Last July, NASA's Parker Solar Probe swung around the planet Venus during a gravity-assist maneuver designed to bring the spacecraft ever closer to the sun. During its seven-year mission the probe will whip around Venus seven times. Each time it does, the planet's gravity bends the spacecraft's orbit closer and closer to the sun.
NASA is putting Parker in the hot seat so it can better study the solar wind — the high-speed stream of particles our star pew pews — close to its source rather than 93 million miles away. By mission's end in late 2025, the spacecraft will skim just 4 million miles (6 million km) from the sun's searing surface.
As during any journey there are often surprises along the way. During the mission’s third Venus gravity assist on July 11, 2020, Parker's wide-field camera called WISPR (Wide-field Imager for Parker Solar Probe) captured a striking and unexpected image of the planet’s nightside from 7,693 miles (12,381 km) away.
WISPR is designed to take photos in visible light just like your camera does. Its subjects are the solar corona, the pearly bonnet of light surrounding the blackened moon during a total solar eclipse, as well as the solar wind and its structures as they approach and fly by the spacecraft.
At Venus, the camera detected a bright rim around the edge of the planet from airglow. Space station astronauts have photographed a similar phenomenon that shows up as a green or yellowish "rind" around the circumference of the Earth from orbit. It's also visible as streaks of faint light to ground observers under dark skies. On Venus, ultraviolet (UV) light in sunlight breaks up carbon dioxide (CO2) molecules, liberating oxygen (O) atoms. The atoms travel around to the nightside of the planet and recombine into oxygen molecules (O2), emitting infrared and other colors of light in the process.
Venusian airglow is a fascinating topic of its own, but here's the really bizarre thing. No one expected to see that prominent, dark feature just above the center of the image. Named Aphrodite Terra, it's the largest highland region on Venus, comparable in size to Africa. The feature appears dark because it's about 85° F (30° C) cooler than its surroundings.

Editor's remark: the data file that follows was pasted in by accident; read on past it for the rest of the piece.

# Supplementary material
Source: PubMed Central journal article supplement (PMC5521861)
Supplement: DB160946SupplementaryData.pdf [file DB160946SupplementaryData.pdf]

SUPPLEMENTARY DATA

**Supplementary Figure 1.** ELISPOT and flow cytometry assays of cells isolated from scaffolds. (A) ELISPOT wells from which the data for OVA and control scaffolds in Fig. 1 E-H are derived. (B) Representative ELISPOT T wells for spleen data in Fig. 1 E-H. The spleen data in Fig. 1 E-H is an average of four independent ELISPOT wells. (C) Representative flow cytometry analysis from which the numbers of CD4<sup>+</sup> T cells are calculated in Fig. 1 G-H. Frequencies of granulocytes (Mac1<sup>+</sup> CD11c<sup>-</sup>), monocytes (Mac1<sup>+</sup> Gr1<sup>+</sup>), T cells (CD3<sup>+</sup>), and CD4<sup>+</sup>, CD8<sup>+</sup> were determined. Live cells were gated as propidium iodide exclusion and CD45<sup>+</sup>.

Remember, WISPR is a visual light camera, so naturally, scientists expected to see nothing but clouds, which Venus possesses in abundance. On the dayside alone, the cloud layer is some 12.4 miles (20 km) thick. So by what magic did Parker's camera see all the way down to the surface?
“WISPR effectively captured the thermal (heat) emission of the Venusian surface,” said Brian Wood, an astrophysicist and WISPR team member. Heat emission is another word for light emitted in the infrared part of the spectrum. If you ever wondered what color shines just beyond the red edge of the rainbow arc, it's infrared. Pity, we can't see it with the human eye.
This pleasant surprise sent the WISPR team back to the lab to test the camera's sensitivity to heat emissions. If WISPR can somehow see infrared light, scientists could use it to photograph dust around the sun and in the inner solar system. Dust glows in infrared when it absorbs sunlight. How serendipitous would that be?
But WISPR's apparent superpowers may have a more intriguing explanation. If the team discovers the camera is blind to infrared, it may have revealed a previously unknown “window” through the Venusian atmosphere instead. And that would be an exciting new discovery. Good news either way.
Similar nightside observations were planned on Feb. 20, 2021 during the fourth flyby. Data and images from that encounter are expected to arrive by the end of April, so we should know what's up soon. Sometimes in science, it's what you don't anticipate that leads to the most interesting discoveries. Already, a mission sent to the sun has unintentionally enlightened us about Venus. And who knows what else may be in the pipeline. Stay tuned.
"Astro" Bob King is a freelance writer for the Duluth News Tribune. Read more of his work at duluthnewstribune.com/astrobob.